On the one hand, the combination of inspections and the pain inflicted by the sanctions had forced Saddam to effectively shelve his WMD ambitions, probably since around 1995-96. On the other hand, the behavior of the French, Russians, Germans, and many other members of the United Nations Security Council in the run-up to the war was final proof that they were never going to do what would have been necessary to revise and support containment so that it might have lasted for more than another year or two.
I don't have any more sympathy than Pollack does for what the French, Russian, and German governments were saying and doing in the run-up to the war, but how can he really conclude that containment wouldn't have lasted "for more than another year or two"? The sanctions couldn't be lifted without US consent, and although they'd been undermined for quite a while by some of the aforementioned govenments (plus many other countries), Saddam still hadn't gotten any closer to re-charging his WMD programs, as Pollack himself is saying. The inspectors, of course, hadn't been in Iraq for four years by the time they went back in a few months before the war, and still no new weapons. So why was containment doomed to fail in another year or two? Doesn't make much sense to me.
12:12 PM
:: Wednesday, January 14, 2004 ::
Don't make a habit out of this, guys
Last night's Kentucky game wasn't for the faint of heart, as the Wildcats won 67-66 at Mississippi State on a ridiculously lucky play in the final seconds. A huge second half lead for the Cats evaporated as MSU played their butts off, and the ever present lack of depth wore UK down. A road win against a good team is always great, but I hope the nailbiting drama doesn't happen too much more this season.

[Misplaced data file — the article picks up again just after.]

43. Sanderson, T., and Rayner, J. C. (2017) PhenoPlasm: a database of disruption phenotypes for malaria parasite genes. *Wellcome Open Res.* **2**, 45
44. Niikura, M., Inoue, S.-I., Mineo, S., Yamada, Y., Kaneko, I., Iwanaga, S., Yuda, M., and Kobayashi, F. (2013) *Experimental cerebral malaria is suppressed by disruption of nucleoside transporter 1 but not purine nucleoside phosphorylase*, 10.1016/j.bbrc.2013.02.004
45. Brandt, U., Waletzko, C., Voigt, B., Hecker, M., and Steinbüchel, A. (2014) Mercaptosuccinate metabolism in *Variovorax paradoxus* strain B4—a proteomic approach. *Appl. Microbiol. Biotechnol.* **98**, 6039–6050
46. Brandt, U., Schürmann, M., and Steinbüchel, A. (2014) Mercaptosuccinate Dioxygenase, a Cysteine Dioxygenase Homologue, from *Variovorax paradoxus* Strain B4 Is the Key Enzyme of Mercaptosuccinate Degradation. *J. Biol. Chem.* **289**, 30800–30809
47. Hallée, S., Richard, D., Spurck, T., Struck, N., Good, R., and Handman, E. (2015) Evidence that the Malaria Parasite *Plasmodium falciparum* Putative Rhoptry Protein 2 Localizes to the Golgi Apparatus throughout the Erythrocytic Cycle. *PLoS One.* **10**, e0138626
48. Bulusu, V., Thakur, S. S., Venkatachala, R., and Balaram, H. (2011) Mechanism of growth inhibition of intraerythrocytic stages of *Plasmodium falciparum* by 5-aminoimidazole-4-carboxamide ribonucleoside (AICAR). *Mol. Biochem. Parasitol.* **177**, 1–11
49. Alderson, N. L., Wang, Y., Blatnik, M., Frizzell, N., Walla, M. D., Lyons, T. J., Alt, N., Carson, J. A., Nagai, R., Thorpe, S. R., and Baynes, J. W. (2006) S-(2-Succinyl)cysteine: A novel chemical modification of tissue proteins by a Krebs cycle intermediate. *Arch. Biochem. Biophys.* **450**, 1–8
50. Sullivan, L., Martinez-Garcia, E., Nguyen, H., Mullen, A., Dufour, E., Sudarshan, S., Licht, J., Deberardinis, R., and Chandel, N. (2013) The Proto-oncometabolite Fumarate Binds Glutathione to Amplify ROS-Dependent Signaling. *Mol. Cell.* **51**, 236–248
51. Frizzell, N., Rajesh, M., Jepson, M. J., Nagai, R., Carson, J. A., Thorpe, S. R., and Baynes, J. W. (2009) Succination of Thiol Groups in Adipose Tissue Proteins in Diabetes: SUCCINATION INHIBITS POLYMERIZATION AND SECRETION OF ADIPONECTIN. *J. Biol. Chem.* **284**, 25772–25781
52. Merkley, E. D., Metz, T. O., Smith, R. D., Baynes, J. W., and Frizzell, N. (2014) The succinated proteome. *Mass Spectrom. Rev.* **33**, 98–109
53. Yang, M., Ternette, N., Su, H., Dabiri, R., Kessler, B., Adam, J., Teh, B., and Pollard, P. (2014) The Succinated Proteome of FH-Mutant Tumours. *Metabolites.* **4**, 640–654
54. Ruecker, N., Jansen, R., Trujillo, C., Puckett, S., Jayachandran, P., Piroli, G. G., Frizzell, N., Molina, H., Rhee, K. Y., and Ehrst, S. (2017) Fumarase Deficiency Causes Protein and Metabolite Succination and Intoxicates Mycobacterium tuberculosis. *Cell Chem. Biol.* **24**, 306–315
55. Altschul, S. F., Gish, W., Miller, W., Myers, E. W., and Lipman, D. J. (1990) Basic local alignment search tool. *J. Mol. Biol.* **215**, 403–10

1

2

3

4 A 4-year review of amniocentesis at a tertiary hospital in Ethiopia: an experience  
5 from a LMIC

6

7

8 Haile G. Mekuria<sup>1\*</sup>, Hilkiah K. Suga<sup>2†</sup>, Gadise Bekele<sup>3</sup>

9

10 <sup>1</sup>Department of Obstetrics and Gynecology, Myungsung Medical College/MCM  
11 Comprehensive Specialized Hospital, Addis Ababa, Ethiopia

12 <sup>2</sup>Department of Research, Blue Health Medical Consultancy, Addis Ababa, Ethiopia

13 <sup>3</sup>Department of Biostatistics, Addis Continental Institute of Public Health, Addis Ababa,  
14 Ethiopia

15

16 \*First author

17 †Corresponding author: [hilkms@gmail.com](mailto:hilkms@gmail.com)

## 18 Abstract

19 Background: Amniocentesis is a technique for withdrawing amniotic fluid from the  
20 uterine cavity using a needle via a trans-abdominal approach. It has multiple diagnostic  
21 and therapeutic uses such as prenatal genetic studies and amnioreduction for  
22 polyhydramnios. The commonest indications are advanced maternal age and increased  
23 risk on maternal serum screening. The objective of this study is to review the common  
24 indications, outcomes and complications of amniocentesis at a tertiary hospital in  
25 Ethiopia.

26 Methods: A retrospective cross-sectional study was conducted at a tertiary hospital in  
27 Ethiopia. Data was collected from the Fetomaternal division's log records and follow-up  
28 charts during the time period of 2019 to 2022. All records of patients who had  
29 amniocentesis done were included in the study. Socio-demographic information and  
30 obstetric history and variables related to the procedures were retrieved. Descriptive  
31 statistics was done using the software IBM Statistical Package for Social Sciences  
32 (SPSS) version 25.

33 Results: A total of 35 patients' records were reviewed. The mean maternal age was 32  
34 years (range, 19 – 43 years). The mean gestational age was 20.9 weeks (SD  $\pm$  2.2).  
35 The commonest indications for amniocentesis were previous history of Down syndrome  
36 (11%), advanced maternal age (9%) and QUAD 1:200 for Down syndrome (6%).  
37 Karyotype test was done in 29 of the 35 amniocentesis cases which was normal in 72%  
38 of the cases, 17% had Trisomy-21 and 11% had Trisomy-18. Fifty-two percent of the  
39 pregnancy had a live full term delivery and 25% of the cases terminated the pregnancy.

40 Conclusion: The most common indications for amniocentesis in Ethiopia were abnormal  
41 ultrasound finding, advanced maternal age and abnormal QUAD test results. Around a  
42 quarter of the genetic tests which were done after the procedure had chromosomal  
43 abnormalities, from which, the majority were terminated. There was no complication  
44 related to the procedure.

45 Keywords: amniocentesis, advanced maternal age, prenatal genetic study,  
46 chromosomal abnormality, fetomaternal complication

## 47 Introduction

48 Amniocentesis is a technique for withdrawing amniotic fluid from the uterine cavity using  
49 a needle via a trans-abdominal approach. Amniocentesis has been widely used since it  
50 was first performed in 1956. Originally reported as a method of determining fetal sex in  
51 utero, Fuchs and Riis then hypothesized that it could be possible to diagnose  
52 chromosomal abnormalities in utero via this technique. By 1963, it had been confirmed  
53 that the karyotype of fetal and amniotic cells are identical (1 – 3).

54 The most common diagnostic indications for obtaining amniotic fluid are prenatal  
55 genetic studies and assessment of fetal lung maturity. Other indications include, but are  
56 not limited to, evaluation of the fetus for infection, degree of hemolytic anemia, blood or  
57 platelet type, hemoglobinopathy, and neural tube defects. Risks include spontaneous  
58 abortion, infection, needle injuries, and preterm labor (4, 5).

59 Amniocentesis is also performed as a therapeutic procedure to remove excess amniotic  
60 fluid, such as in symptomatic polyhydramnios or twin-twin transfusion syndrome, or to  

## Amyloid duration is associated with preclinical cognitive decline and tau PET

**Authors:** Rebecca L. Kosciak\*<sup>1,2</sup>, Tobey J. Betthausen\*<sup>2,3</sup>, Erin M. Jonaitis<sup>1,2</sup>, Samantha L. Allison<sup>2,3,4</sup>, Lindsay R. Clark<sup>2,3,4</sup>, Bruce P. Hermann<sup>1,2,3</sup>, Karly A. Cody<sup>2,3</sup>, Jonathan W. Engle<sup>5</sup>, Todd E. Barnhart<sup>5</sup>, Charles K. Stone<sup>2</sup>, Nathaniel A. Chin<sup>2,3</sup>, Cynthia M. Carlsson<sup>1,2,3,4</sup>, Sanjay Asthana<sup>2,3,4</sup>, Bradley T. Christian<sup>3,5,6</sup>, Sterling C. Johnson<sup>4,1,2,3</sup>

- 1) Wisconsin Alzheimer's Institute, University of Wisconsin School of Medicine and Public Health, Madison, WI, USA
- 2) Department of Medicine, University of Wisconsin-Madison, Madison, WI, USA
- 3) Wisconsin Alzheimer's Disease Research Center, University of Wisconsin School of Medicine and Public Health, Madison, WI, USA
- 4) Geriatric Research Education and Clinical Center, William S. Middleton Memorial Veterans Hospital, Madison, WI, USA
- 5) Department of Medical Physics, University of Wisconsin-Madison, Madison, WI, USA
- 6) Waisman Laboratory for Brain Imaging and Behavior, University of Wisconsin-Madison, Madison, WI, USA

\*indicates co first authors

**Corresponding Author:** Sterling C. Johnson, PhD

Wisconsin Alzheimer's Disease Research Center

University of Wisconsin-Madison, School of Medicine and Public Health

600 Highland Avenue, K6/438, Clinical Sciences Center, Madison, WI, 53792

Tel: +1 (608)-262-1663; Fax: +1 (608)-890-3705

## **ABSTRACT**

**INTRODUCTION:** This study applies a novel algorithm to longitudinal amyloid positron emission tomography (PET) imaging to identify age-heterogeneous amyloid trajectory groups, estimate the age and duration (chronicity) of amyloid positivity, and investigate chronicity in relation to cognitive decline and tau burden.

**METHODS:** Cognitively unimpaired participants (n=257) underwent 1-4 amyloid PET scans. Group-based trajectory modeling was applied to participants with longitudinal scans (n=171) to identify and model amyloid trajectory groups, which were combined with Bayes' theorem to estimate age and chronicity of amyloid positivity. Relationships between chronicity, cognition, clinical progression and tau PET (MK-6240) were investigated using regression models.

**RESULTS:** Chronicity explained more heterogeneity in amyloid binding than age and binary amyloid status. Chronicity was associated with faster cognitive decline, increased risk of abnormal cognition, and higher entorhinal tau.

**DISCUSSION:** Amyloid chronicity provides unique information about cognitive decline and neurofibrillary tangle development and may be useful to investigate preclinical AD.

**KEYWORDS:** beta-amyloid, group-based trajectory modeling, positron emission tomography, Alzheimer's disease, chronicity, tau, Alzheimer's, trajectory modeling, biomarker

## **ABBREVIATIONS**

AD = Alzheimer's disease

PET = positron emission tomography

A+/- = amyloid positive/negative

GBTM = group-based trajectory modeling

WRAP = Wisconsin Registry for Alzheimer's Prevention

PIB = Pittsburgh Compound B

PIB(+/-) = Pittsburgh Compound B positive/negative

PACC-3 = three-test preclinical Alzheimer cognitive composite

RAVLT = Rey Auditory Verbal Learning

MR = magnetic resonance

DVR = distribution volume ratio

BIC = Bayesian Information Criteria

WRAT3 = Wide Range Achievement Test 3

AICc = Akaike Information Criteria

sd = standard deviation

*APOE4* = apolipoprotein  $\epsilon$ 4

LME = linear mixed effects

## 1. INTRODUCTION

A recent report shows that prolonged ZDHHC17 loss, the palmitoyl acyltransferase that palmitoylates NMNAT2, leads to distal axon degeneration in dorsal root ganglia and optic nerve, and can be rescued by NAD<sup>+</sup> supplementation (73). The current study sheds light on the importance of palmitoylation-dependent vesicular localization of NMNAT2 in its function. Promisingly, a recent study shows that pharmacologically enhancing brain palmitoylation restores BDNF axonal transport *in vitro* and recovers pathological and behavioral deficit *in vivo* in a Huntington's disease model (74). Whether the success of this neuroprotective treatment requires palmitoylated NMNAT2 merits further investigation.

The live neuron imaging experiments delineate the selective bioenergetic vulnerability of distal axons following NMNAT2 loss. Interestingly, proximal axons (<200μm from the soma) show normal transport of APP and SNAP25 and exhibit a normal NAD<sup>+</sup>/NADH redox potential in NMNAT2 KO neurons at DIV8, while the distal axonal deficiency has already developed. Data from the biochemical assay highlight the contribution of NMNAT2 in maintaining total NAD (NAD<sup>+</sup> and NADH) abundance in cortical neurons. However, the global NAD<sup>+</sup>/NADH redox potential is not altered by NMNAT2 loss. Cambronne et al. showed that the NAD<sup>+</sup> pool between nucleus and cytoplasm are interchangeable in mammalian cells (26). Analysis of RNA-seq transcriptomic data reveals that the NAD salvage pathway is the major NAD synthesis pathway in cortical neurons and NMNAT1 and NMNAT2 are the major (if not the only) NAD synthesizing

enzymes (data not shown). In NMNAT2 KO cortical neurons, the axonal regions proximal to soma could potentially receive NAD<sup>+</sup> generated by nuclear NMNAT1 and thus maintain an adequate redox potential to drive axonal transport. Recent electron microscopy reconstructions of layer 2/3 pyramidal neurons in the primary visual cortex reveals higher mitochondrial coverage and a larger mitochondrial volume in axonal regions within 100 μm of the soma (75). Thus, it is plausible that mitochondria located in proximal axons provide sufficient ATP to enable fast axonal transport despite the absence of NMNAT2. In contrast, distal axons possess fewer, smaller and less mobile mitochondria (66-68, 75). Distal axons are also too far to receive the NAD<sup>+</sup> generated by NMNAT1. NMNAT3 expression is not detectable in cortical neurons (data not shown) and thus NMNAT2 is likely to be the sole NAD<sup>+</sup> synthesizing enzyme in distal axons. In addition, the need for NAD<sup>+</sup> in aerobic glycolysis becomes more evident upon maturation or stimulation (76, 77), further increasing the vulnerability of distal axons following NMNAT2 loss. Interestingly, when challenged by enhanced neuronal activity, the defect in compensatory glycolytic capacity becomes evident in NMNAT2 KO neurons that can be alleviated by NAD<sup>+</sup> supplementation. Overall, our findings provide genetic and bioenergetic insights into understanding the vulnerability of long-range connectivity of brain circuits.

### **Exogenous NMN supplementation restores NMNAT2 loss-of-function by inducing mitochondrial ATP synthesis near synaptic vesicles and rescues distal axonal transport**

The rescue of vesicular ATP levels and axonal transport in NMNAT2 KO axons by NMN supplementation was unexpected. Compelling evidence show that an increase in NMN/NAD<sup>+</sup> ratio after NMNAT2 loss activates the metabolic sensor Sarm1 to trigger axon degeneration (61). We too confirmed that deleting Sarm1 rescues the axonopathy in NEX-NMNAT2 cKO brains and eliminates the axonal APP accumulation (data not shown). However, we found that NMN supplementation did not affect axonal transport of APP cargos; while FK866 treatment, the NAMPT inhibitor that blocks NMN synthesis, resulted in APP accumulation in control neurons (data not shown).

11:22 AM
:: Monday, January 12, 2004 ::
No logical fallacies here
New Republic senior editor Jonathan Chait makes the case against Joe Lieberman in an upcoming on-line debate about the magazine having endorsed Lieberman for the Democratic primaries. While lots of people of all ideological stripes tend to assume that Dean and Lieberman are representative of "the two wings" of the Democratic party, Chait shows that there's a lot more to it, since he's the one who has the Diary of a Deanophobe blog. To put it more precisely, us Dems are, depending on how you look at it, either too diverse in our thinking, or too incoherent and confused, to be split into two easily identifiable wings. I prefer the former, of course, although the latter obviously has some truth to it as well, as it has since the days of FDR.

I wonder who Chait's debate partner will be, arguing the case for Lieberman. If it's Peter Beinart, it'll probably be quite interesting, but not if it's neo-con hack Lawrence Kaplan. I had guessed that TNR would endorse John Edwards, since he would be a much more interesting choice for their "the future of the Dem party who isn't Dean" angle than Lieberman is.

UPDATE: Is this going to be some crazy 3 or 4 person free-for-all debate? Chait now has another colleague posting on this subject, TNR executive editor Christopher Orr, but he's also against the Lieberman endorsement. Will anyone who actually has the title of editor at that magazine actually defend the editors' choice of nominee? Not much of a debate if everyone who's taking part in it agrees with each other.

UPDATE II: OK, so Jason Zengerle is in the mix now on Lieberman's side.
11:28 AM